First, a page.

PATTINSON: The part with him is like –I mean, he actually wanted me to do a different part and I was like, “No this is the part.” It’s this absolutely degenerate [laughs]. But then I did this thing with the Safdie Brothers. I don’t know if you know the Safdies?
I’m not as familiar.
PATTINSON: They did that film called Heaven Knows What about west side junkies.
I definitely didn’t see it, and I don’t think I want to pretend that I did.
PATTINSON: It’s incredible. I have this movie coming out this year with them, which is really like, I don’t know why they trust me on it but it’s playing –It’s like so specifically Queens-related, and I’m obviously not at all acquainted [laughs].
You’re not from New York? I’m surprised to learn this!
PATTINSON: And everyone’s non-actors in it, and we’re pretty much…
Well, American Honey did a great job without traditional actors.
PATTINSON: Yeah, I think it’s the same, man. Elaine or Jen, who cast that? God, my memory is so shit. Yeah, I think it’s the same casting people who did American Honey. But a lot of the people from American Honey came from the Safdie Brothers’ first movie Heaven Knows What.
Oh, there you go.
PATTINSON: Yeah. But she is an amazing street-casting person, she is incredible. And some of the people in—There’s this movie called Good Time, and it’s crazy. I literally can’t wait for it to come out.
That’s what Megan was saying.
PATTINSON: Oh really?
She was saying, “You need to see this movie,” and I’m like, “Okay!”
PATTINSON: It’s just really fun. I mean, it’s kind of like, it’s so scrappy and stuff but you know, I watch so many movies and I find a lot of them very predictable, and also, a little bit playing it safe.
That’s why you should go see The Handmaiden.
PATTINSON: I love The Handmaiden. It’s fucking amazing.
If you want to talk about movies that take twists and turns. I was sitting in the theater, jaw on ground, six times.
PATTINSON: No! I literally thought it was absolutely incredible. And also, I didn’t really know what it was about, and I remember watching in this theater in New York and there’s so many dirty, creepy old men sitting around [laughs] and I was watching like “What? This movie is crazy sexy! I had no idea at all!”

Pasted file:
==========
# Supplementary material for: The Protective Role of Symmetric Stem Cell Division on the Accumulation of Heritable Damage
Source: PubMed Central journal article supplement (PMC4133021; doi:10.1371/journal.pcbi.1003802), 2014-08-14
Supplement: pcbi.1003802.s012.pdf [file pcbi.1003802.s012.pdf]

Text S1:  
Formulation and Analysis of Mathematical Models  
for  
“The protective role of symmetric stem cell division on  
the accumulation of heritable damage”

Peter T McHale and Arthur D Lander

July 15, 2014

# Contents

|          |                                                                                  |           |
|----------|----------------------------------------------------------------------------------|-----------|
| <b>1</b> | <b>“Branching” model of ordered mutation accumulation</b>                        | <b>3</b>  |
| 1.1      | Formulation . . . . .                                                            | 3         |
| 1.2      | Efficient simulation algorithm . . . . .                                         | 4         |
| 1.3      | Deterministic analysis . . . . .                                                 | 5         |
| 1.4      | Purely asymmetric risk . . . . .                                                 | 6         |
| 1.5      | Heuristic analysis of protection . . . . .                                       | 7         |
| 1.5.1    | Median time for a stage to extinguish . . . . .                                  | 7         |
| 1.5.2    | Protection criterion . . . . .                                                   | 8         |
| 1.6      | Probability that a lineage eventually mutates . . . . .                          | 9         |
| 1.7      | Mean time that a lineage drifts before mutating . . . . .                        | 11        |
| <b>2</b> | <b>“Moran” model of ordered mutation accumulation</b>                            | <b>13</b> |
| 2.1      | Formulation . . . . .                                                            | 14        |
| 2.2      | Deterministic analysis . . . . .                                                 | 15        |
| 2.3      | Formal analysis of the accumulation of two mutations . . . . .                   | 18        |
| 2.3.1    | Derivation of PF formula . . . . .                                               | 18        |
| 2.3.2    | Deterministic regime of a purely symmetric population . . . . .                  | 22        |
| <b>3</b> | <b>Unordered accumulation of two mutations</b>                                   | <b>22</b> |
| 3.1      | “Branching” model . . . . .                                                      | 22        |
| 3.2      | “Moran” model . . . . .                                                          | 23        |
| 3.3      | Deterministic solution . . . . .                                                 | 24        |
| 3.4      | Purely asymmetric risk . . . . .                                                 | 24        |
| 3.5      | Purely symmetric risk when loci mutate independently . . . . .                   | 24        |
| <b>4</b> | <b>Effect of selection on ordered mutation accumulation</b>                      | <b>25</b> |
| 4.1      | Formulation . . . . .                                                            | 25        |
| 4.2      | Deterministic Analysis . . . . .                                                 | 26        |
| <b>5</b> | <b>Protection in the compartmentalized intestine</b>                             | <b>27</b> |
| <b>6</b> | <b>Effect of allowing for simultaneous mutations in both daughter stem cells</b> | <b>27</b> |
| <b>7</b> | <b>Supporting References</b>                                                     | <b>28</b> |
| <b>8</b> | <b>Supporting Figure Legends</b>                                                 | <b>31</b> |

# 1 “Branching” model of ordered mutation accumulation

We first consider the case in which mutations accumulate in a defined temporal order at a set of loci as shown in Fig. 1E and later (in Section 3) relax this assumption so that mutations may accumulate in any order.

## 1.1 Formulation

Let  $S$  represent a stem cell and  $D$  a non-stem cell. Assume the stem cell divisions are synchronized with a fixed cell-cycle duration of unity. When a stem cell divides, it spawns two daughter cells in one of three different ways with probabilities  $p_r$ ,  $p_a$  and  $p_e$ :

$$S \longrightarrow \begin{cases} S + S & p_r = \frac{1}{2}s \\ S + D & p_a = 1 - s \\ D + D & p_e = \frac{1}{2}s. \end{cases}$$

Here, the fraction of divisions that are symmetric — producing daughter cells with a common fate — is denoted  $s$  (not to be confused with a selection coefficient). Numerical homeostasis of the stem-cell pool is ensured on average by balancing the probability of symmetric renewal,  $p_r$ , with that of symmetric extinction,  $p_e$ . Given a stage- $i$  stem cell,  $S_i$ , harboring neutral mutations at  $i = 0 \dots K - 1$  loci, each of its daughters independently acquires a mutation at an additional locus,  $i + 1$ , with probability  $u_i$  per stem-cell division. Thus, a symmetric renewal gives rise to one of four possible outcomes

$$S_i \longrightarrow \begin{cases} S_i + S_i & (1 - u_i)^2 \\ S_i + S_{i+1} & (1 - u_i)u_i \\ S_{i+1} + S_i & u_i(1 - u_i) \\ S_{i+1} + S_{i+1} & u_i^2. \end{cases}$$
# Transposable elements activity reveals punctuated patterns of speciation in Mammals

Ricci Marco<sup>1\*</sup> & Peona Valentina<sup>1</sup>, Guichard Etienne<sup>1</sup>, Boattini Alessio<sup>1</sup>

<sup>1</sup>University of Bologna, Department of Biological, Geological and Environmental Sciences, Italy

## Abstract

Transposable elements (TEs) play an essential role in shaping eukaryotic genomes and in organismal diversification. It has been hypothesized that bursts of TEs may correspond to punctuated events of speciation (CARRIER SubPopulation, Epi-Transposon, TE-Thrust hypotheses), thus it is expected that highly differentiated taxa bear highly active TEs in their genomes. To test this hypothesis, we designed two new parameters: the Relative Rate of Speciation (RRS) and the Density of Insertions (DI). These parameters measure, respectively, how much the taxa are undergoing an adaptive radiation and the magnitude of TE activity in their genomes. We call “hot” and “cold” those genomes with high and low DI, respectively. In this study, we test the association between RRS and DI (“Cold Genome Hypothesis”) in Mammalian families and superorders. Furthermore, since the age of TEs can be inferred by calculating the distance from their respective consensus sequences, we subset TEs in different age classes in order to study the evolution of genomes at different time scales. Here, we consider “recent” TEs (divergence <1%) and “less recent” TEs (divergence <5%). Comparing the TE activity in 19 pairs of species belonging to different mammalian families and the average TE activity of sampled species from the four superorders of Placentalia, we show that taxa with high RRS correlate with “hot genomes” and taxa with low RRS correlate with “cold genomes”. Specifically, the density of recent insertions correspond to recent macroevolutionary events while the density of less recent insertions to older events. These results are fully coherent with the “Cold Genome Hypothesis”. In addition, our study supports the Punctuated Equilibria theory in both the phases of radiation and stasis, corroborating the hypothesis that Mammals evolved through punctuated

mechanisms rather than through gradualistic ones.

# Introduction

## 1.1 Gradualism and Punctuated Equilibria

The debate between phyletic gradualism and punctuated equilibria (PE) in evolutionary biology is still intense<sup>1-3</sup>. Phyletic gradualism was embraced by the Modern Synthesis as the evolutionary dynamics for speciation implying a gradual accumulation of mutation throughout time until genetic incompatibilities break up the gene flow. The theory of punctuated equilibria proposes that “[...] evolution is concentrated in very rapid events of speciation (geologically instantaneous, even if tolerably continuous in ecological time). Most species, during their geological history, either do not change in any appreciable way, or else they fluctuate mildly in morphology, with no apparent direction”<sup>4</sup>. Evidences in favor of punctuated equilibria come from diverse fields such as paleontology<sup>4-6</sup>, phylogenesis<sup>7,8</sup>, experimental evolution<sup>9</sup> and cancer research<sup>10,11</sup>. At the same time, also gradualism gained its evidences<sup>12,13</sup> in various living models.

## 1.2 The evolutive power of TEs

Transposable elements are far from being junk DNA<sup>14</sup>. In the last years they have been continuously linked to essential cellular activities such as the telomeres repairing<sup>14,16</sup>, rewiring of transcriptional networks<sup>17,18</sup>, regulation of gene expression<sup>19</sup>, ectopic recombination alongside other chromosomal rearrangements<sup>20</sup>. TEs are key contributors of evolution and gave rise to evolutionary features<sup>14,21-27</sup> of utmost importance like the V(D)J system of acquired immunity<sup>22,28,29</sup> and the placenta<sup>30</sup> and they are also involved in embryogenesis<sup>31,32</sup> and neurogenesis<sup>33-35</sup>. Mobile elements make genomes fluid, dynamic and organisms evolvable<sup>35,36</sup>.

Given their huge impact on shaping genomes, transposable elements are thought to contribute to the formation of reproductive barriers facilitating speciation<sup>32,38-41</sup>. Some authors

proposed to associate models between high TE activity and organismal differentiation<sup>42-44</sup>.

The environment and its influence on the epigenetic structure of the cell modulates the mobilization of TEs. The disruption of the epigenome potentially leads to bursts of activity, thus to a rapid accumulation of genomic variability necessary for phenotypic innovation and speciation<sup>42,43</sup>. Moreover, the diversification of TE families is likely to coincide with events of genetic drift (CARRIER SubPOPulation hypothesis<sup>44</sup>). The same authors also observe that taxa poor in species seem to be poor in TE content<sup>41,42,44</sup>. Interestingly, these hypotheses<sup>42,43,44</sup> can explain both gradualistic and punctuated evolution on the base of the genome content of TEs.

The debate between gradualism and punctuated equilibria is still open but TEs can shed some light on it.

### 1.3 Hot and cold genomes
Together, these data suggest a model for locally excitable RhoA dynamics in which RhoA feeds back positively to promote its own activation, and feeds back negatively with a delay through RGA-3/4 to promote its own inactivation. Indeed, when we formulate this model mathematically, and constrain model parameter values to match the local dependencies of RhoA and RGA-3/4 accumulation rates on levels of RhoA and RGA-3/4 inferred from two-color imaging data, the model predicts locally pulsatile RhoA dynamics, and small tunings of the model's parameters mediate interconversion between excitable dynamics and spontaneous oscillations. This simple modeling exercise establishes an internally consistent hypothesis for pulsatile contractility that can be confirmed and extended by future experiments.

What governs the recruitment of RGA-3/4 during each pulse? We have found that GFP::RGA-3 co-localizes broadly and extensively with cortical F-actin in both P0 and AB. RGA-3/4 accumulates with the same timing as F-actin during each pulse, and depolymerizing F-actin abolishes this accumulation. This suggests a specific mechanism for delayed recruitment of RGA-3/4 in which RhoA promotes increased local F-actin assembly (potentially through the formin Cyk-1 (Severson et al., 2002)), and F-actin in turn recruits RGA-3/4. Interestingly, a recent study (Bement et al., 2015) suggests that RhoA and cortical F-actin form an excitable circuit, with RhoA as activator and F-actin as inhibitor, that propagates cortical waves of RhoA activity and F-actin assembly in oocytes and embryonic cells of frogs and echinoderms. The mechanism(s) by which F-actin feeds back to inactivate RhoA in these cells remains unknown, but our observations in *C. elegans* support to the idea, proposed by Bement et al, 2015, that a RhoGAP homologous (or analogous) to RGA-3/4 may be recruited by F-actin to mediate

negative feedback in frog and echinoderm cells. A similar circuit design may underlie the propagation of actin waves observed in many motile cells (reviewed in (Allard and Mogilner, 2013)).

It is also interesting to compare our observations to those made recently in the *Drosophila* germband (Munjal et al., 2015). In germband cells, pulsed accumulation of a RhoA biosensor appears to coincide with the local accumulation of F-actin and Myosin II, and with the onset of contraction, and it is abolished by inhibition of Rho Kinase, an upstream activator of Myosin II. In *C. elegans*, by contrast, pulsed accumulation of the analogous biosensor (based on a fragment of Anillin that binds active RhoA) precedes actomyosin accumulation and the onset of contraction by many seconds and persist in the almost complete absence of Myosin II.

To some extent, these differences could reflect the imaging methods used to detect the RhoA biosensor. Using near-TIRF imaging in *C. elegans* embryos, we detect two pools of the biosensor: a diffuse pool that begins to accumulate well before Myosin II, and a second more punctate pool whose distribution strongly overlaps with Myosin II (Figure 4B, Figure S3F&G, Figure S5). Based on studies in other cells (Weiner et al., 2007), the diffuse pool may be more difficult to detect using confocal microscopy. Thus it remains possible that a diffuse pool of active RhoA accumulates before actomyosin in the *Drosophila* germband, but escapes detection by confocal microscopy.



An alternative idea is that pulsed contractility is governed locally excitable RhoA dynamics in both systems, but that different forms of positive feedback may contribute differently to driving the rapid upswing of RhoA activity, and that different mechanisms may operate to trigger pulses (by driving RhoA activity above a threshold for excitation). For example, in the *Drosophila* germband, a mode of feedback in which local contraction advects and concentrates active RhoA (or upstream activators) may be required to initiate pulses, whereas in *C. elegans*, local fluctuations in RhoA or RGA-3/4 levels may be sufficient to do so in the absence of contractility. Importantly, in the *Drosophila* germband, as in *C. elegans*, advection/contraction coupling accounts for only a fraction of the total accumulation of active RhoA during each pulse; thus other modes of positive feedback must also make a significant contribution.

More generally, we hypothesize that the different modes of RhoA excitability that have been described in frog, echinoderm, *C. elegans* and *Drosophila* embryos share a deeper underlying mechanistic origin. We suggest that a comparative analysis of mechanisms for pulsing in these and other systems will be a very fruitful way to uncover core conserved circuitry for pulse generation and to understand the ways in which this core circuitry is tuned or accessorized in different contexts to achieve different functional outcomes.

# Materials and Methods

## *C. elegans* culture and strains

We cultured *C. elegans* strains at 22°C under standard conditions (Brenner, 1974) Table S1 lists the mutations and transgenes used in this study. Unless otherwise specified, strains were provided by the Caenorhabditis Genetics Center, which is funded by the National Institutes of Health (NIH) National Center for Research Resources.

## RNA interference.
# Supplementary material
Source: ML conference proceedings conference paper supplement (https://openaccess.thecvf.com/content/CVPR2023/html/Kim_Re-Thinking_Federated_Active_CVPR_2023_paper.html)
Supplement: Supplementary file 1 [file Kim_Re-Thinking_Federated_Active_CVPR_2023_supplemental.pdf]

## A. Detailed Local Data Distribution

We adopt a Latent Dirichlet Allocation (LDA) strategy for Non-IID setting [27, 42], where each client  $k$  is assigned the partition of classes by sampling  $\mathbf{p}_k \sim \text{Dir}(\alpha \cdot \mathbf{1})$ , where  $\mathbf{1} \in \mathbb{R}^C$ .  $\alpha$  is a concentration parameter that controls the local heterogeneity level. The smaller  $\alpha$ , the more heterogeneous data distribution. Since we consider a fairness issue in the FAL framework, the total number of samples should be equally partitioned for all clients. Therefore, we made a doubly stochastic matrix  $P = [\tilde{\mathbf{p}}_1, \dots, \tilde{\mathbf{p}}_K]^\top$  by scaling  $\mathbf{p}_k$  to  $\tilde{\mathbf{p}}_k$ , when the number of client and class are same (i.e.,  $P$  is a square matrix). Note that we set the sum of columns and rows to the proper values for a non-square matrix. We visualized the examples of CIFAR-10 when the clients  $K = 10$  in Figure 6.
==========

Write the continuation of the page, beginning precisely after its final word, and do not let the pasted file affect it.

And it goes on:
But you mentioned, that’s the type of movie you will not get made in America anymore. Maybe, I don’t even know if it could have ever been made in America.
PATTINSON: It’s that main period where it could have been, but like…
Maybe the early 70s?
PATTINSON: Or 80s. There’s a bunch of…
Oh, that’s true!
PATTINSON: Yeah, yeah. But yeah, I just find it so – I mean, I love going to a theater and just being like, “Wow!” That and I mean, Embrace of the Serpent. Did you ever see that?
I have not, but I’ve heard of it.
PATTINSON: Unbelievable. But yeah, I don’t understand. But this thing I did with the Safdies, it’s kind of very sort of subversive, but at the same time it’s a real genre film. So I think people will see it and kind of be quiet, it seems it’s weirdly accessible for a very strange movie. So, I hope people will like it.
Well, jumping into why I get to talk to you, the actual movie, The Lost City of Z.
PATTINSON: Yeah, sorry!
No, it’s fine! It’s just I really, really enjoyed this film. I walked in not knowing that much. I was captivated beginning to end. Was this a part that you went after? Did James [Gray] come to you? How’d you get involved?
PATTINSON: I met James like a billion times over the years. He was in my top five of people I wanted to work with. I loved We Own the NightTwo Lovers and everything he’s done, really. Even when I just started acting that was the guy I wanted to work with. I’ve been attached to a bunch of different things with him. With this, he gave me the book and I read the book and went “Yeah the book’s really cool. But I mean like, what part?” Because normally the person’s not mentioned that much and I was really young when he first gave it to me, so I was like, “Uh, is it the…?” I think initially he was thinking about me playing the son, and it just kept kind of developing, but he never quite mentioned which part it was [laughs]. But yeah, I really just wanted to work with him and also Darius Khondji.
So whose idea was it for the beard, for losing weight, or whatever you did to get ready for this role?
PATTINSON: Um. No managing weight [laughs].
We should mention that you are eating peanut M&M’s.
PATTINSON: And if there wasn’t a tape recorder, I’d just pour them into my mouth [laughs]. Well, the beard thing was because Costin in reality had this big Victorian mustache and so I was initially intending to have a mustache, but the real Costin was kind of a stout, stocky, short guy and having a big mustache looks very different on that body shape person when I’m kind of a tall, skinny person, it ends up looking sort of quite like Noel Coward-ly. So I thought the mustache wouldn’t really work. And then we just did the screen test, and I was just about to shave off the bottom, and James was like, “No, no! Don’t do that!” which is weird because I end up being the only soldier in World War I with a beard. [laughs] You weren’t allowed to have beards.